Looking through some old photographs from the time, I found these shots of me interviewing Hollywood actor Peter Fonda, a leading figure in the Los Angeles demonstrations in 1967 and San Francisco actor Peter Coyote, once a member of the anarchic San Francisco Mime Troop. I have fond memories of my time with both these gentlemen and with many of the others, especially Beatle, George Harrison, Byrd, Roger McGuinn, Beat poet, Allen Ginsberg and  anarchist activist, Robert Jasper Grootveld who all took time out to both educate and entertain me.

Peter Coyote interviewed for It Was 20 Years Ago Today in Marin County, San Francisco, 1986

So the year 1967 keeps coming back into my life as a major event and influence. It is therefore no surprise that I should’ve chosen that year as the setting for my first novel, the recently published Stephen Dearsley’s Summer Of Love (see below). I think I shall try to share some other memories of that time over the next few blogs. It was a truly unique epoque.

Here though is a clip showing the opening of that documentary, It Was Twenty Years Ago Today. For me it is the holiday movie of a lifetime.



My novel, Stephen Dearsley’s Summer Of Love, was published  on 31 October 2013. It is the story of a young fogey living in Brighton in 1967 who has a lot to learn when the flowering hippie counter culture changes him and the world around him.

You can  pre-order the book from the publishers, Ward Wood Publishing:
…or from Book Depository:

…or from Amazon:



  1. I'm trying not to be envious of these experiences of yours. At the time, I was sitting on the opposite side of the Atlantic simply screaming whenever I could get a glimpse of the Beatles on TV. I do wish I could see the entire show, though. It looks fantastic.

  2. It was an amazing experience working on that show, Sue and i think it stands up pretty well all these years later. I couldn't possibly recommend it but I'm told there is a pirated serialisation of the whole documentary on Utube. Tut-tut!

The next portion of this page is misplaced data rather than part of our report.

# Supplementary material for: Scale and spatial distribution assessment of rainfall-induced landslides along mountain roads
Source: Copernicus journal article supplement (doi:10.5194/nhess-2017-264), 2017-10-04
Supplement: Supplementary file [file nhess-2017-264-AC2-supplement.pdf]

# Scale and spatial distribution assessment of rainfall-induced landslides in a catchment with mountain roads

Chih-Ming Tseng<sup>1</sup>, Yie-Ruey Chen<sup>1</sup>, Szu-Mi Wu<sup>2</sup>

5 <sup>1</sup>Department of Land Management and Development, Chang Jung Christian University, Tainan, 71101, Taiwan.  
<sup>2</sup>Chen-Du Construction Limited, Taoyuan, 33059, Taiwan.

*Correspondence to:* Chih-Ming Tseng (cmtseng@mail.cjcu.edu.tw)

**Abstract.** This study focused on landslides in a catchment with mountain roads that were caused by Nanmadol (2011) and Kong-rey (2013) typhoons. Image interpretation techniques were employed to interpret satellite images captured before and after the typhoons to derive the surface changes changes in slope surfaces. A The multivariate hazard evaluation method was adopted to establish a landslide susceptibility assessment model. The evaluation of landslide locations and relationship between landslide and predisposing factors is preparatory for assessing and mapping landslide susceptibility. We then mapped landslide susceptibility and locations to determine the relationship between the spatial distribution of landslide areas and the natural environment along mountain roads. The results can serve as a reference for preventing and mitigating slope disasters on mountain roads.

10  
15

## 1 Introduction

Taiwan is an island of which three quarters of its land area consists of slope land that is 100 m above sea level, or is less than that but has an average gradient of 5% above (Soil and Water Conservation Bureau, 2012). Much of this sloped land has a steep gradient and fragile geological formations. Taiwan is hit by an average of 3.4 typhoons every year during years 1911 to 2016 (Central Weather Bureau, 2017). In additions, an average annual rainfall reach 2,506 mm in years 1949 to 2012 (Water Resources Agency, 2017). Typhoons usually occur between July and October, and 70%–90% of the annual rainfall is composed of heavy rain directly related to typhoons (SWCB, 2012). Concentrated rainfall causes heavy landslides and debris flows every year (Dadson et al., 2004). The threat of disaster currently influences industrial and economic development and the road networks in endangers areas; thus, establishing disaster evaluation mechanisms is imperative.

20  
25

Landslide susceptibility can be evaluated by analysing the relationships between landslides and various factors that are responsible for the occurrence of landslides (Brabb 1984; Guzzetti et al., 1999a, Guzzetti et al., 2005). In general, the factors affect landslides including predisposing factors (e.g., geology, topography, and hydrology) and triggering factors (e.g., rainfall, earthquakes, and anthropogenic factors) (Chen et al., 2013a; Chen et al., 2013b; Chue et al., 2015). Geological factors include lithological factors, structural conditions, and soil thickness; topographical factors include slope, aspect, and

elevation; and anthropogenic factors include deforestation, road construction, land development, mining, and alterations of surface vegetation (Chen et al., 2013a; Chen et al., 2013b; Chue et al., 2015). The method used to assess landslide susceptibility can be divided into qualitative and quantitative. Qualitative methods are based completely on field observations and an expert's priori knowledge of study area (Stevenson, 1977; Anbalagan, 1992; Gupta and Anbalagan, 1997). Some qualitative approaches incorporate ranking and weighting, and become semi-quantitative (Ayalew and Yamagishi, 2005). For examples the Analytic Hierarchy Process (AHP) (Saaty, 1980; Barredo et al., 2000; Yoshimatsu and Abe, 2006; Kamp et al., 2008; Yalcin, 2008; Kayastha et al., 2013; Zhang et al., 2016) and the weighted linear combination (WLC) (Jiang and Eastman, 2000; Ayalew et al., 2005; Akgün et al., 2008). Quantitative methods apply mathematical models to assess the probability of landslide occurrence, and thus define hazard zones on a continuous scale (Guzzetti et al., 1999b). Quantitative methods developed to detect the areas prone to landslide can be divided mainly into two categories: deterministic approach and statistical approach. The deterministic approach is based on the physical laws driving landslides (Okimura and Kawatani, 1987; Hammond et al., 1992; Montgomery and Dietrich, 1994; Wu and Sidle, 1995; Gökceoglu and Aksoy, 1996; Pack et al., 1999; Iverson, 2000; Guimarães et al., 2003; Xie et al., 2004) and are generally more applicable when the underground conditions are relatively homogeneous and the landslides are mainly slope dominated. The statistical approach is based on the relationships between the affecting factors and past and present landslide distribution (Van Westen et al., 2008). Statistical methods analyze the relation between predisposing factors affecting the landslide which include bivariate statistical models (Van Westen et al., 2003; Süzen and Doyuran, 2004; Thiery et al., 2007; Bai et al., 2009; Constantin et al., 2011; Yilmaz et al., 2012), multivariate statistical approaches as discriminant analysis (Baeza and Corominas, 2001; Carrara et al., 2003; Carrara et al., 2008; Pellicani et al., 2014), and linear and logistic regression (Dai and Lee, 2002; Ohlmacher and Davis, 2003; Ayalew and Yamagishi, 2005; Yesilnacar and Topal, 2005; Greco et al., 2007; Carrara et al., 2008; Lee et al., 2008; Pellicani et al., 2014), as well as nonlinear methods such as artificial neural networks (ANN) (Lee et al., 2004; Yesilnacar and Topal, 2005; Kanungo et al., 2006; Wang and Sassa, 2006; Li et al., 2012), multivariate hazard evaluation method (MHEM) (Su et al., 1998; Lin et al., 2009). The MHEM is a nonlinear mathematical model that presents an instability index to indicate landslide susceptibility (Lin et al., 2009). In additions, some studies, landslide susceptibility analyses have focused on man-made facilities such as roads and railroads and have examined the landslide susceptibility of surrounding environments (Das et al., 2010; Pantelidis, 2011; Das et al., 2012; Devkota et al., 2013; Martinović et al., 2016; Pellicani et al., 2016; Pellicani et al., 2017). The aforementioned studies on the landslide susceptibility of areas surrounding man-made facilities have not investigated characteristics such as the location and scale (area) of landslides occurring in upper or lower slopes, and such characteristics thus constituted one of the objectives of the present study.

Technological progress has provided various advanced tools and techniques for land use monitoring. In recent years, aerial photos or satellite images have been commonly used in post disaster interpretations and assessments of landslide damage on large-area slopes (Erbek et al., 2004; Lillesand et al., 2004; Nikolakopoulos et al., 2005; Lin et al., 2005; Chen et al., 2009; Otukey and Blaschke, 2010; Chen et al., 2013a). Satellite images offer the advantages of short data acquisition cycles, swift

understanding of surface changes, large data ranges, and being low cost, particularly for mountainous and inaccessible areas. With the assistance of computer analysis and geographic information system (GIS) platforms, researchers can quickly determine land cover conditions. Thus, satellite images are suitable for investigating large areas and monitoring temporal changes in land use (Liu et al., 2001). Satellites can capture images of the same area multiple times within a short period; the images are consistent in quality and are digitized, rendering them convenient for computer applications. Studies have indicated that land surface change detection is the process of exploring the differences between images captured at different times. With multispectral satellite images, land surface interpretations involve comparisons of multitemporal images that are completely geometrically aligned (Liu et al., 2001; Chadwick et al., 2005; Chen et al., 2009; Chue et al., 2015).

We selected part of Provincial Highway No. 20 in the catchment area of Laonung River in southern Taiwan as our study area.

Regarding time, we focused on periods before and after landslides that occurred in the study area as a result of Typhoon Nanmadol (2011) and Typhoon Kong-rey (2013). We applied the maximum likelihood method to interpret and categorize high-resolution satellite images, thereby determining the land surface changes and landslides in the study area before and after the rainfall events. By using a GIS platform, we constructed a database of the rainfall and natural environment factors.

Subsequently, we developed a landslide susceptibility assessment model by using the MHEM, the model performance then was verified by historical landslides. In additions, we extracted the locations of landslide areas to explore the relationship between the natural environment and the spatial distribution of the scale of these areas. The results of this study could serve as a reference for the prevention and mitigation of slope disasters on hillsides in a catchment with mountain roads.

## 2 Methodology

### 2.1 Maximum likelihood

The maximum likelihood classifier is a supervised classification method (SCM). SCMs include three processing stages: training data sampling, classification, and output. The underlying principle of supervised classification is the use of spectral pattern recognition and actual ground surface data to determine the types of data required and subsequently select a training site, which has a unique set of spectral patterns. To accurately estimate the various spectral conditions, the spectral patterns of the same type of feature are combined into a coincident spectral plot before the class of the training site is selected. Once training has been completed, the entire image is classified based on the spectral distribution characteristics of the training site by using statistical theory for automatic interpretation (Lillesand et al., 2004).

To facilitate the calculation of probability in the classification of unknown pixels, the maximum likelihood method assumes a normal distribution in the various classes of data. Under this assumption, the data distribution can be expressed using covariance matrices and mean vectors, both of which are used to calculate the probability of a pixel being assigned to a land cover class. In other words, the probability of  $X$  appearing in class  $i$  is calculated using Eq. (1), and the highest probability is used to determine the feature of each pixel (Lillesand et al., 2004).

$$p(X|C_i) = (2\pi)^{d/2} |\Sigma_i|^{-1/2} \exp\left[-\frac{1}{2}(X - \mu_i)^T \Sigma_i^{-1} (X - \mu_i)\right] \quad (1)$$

3. My sister was part of the scene between LA and San Francisco back in the early seventies. She became a close friend of Peter Coyote's. They worked together on a benefit called Cowboys for Indians that raised money to support AIM (American Indian Movement.) My sister died at this time last year and I found a beautiful pendant commemorating the event and inscribed from Peter Coyote among her belongings. Being uptight and back east, I missed a lot,
    but got to live vicariously through my remarkable sister,

  4. Thanks for sharing this story Patricia. It's good to hear that my impression of Peter Coyote was right. Sad though to hear of your sister's passing. She must have been a great person.

  5. I'm feeling envious, Colin, I was a little too young to er, fully enjoy the Sixties. By the time I got there, we were in the cynical seventies and that gave way to the awful eighties.
    Is there any use of rose tinted specs looking back though, or was it really a time when anything seemed possible?

  6. I'm not sure that I wear those rose-tinted spectacles but i may be wrong, Joe. It was definitely a terrific era culturally and also when a lot of social reform really got going but it was also, like any other time, I think, it had its ordinary everyday side too. Engelbert Humperdink got to No. 1 dis[lacing The Beatles in 1967. There was the Arab-Israeli War too so I don't try to paint an image of Utopia. It was, though, an extraordinarily exciting time to be a young white middle class arty English boy rebel!